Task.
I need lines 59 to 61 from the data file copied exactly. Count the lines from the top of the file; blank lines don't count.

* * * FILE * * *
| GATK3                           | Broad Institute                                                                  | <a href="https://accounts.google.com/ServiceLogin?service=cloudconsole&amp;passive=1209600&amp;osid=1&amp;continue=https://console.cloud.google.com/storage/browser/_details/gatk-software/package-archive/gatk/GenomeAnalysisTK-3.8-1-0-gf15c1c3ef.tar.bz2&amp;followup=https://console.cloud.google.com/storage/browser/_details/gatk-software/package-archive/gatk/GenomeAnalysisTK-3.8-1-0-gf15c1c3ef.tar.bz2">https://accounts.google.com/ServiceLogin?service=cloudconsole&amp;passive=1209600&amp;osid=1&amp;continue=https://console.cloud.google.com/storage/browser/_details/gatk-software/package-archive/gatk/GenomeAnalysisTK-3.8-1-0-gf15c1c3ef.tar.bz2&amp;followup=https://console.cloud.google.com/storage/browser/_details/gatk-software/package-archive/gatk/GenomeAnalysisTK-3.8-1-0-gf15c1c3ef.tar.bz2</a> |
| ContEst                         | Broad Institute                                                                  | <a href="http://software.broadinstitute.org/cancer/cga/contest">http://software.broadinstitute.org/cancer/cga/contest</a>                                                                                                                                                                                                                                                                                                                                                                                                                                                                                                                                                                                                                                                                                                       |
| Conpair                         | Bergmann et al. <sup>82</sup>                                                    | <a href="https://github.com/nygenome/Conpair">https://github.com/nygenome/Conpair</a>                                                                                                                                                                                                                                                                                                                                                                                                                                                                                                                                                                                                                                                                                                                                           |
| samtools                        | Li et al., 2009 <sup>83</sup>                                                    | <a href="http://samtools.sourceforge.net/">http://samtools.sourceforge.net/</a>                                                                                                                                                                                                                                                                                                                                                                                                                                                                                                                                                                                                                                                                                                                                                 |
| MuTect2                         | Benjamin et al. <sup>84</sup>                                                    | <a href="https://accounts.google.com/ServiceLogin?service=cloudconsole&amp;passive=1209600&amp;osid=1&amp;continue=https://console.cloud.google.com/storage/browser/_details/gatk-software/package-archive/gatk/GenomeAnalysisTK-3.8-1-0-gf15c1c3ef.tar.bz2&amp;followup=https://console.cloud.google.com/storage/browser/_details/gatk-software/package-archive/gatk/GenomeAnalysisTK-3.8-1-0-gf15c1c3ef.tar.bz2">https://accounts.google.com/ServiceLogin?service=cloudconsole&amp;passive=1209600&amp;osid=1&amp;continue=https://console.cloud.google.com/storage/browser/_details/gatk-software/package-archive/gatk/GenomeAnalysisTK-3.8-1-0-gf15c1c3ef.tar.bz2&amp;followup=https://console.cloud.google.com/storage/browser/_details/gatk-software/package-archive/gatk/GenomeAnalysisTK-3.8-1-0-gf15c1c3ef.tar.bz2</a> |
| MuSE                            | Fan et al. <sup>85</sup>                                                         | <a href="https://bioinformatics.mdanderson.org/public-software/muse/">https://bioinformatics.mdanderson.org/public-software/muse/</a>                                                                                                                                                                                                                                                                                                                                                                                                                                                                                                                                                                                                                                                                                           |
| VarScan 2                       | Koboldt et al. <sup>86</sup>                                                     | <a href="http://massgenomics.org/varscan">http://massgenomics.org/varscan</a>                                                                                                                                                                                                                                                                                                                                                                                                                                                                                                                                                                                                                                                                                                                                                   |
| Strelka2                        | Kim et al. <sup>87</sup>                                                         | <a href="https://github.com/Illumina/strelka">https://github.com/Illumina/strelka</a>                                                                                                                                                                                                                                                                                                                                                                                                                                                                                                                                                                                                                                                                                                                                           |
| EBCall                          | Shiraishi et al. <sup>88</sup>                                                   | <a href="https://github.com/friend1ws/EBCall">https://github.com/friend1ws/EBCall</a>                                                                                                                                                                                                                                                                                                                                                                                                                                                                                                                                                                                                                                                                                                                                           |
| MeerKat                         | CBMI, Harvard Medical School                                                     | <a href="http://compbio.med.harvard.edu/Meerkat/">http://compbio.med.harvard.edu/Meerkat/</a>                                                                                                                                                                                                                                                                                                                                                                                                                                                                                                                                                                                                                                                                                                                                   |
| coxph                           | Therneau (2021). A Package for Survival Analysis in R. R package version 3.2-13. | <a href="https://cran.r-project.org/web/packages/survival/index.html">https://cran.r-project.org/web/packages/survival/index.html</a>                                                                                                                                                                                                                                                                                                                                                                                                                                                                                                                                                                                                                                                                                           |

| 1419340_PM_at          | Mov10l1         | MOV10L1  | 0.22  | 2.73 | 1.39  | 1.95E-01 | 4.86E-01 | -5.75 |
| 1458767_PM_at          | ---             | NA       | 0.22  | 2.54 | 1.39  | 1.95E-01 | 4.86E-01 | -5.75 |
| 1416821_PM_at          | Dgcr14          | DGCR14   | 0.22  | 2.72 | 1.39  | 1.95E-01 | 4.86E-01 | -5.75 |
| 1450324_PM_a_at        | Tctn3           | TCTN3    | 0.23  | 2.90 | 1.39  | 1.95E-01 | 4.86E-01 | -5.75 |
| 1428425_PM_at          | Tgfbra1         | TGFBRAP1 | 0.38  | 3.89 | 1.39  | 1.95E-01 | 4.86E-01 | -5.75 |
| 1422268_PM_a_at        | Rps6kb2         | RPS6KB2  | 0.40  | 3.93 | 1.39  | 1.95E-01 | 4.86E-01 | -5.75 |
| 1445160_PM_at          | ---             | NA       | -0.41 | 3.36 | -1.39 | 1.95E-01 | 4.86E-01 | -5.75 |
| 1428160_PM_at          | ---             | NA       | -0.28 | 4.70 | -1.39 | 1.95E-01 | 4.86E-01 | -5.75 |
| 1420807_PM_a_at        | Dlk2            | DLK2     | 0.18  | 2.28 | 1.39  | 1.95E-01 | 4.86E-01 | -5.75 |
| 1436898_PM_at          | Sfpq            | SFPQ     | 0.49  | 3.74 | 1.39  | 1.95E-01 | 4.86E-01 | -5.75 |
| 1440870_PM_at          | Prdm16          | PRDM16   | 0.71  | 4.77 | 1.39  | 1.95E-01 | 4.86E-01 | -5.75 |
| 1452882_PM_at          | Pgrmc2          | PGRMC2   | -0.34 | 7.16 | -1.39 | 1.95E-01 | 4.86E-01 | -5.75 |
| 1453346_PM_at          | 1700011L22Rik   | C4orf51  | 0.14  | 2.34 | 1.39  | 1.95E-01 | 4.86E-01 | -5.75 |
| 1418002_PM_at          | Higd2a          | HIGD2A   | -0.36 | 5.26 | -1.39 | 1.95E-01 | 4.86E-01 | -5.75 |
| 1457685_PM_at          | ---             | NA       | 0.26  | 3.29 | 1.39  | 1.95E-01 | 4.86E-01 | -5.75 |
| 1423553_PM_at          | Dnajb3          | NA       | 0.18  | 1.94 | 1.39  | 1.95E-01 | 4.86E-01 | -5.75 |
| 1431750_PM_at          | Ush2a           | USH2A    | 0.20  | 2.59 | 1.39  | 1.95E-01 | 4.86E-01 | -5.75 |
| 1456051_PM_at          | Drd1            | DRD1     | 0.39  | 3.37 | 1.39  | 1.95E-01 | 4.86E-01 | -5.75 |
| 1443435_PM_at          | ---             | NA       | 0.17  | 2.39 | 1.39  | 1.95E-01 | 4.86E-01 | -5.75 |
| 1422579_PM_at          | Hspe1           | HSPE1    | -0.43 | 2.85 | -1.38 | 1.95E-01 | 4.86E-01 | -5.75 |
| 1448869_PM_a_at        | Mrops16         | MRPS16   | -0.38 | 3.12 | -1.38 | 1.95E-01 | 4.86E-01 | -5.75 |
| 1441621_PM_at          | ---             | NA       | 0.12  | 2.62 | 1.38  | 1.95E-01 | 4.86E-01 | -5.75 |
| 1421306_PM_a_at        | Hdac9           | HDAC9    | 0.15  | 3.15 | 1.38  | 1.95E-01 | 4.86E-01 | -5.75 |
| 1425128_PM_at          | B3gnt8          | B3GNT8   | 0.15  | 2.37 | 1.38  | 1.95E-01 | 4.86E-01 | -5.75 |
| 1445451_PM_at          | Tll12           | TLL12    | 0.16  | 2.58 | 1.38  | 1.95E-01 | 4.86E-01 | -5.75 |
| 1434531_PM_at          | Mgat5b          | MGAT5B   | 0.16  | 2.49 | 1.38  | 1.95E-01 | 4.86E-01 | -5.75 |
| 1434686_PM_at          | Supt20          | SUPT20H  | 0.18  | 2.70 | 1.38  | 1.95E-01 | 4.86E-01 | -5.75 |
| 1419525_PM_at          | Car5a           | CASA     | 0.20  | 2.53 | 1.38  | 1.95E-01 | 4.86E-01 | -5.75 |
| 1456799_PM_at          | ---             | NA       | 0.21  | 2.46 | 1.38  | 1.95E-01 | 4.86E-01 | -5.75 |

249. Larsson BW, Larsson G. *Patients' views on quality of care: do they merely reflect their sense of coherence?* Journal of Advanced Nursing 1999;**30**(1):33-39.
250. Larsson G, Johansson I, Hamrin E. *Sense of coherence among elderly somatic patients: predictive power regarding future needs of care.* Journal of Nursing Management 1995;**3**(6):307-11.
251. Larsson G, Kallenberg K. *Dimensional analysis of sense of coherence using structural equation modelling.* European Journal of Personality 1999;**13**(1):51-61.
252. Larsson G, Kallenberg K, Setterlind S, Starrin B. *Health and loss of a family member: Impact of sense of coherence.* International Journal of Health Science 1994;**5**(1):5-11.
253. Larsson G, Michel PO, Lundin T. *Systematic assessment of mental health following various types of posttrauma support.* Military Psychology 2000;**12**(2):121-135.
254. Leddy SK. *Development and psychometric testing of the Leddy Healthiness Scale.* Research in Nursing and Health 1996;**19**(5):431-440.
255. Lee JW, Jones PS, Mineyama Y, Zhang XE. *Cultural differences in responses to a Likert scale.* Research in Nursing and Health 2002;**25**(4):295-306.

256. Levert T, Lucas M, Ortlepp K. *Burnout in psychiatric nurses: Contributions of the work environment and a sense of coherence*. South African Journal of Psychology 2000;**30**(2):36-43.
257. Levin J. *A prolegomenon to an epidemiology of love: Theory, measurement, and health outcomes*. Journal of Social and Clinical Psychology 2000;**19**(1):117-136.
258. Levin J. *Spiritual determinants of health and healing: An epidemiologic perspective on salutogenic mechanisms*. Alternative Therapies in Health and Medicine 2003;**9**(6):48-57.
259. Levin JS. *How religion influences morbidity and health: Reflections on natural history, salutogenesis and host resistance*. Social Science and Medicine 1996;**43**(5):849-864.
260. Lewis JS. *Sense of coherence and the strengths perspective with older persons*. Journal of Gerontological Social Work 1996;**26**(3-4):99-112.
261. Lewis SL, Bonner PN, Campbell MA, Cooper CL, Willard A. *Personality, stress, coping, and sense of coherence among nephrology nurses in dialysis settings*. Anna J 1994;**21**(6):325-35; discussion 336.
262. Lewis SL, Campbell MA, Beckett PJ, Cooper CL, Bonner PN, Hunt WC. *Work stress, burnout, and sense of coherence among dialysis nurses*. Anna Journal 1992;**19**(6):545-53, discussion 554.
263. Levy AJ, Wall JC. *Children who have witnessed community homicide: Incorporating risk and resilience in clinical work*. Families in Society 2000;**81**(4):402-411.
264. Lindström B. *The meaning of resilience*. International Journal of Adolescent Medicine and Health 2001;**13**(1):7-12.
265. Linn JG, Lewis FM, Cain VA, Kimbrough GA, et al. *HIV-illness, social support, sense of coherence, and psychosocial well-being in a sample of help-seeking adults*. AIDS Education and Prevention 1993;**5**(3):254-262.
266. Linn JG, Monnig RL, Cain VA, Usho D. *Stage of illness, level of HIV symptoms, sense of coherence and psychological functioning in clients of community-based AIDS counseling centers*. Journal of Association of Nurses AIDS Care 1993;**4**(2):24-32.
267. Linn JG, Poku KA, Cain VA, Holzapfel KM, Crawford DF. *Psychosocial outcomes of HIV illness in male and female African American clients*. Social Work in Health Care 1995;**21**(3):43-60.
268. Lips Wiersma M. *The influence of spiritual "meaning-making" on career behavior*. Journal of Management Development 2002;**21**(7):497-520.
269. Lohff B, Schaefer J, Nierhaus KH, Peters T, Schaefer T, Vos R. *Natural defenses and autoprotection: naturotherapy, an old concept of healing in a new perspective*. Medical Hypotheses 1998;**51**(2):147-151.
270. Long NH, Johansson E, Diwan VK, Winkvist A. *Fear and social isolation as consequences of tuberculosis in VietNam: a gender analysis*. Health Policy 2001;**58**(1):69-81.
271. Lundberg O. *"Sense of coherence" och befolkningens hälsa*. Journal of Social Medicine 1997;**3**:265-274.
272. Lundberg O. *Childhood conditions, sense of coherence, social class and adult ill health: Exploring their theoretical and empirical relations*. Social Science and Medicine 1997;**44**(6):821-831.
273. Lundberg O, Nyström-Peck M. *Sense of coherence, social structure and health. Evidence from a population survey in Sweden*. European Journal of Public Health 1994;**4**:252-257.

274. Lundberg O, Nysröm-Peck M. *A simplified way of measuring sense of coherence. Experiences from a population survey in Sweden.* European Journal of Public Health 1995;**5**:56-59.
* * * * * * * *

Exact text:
267. Linn JG, Poku KA, Cain VA, Holzapfel KM, Crawford DF. *Psychosocial outcomes of HIV illness in male and female African American clients*. Social Work in Health Care 1995;**21**(3):43-60.
268. Lips Wiersma M. *The influence of spiritual "meaning-making" on career behavior*. Journal of Management Development 2002;**21**(7):497-520.
269. Lohff B, Schaefer J, Nierhaus KH, Peters T, Schaefer T, Vos R. *Natural defenses and autoprotection: naturotherapy, an old concept of healing in a new perspective*. Medical Hypotheses 1998;**51**(2):147-151.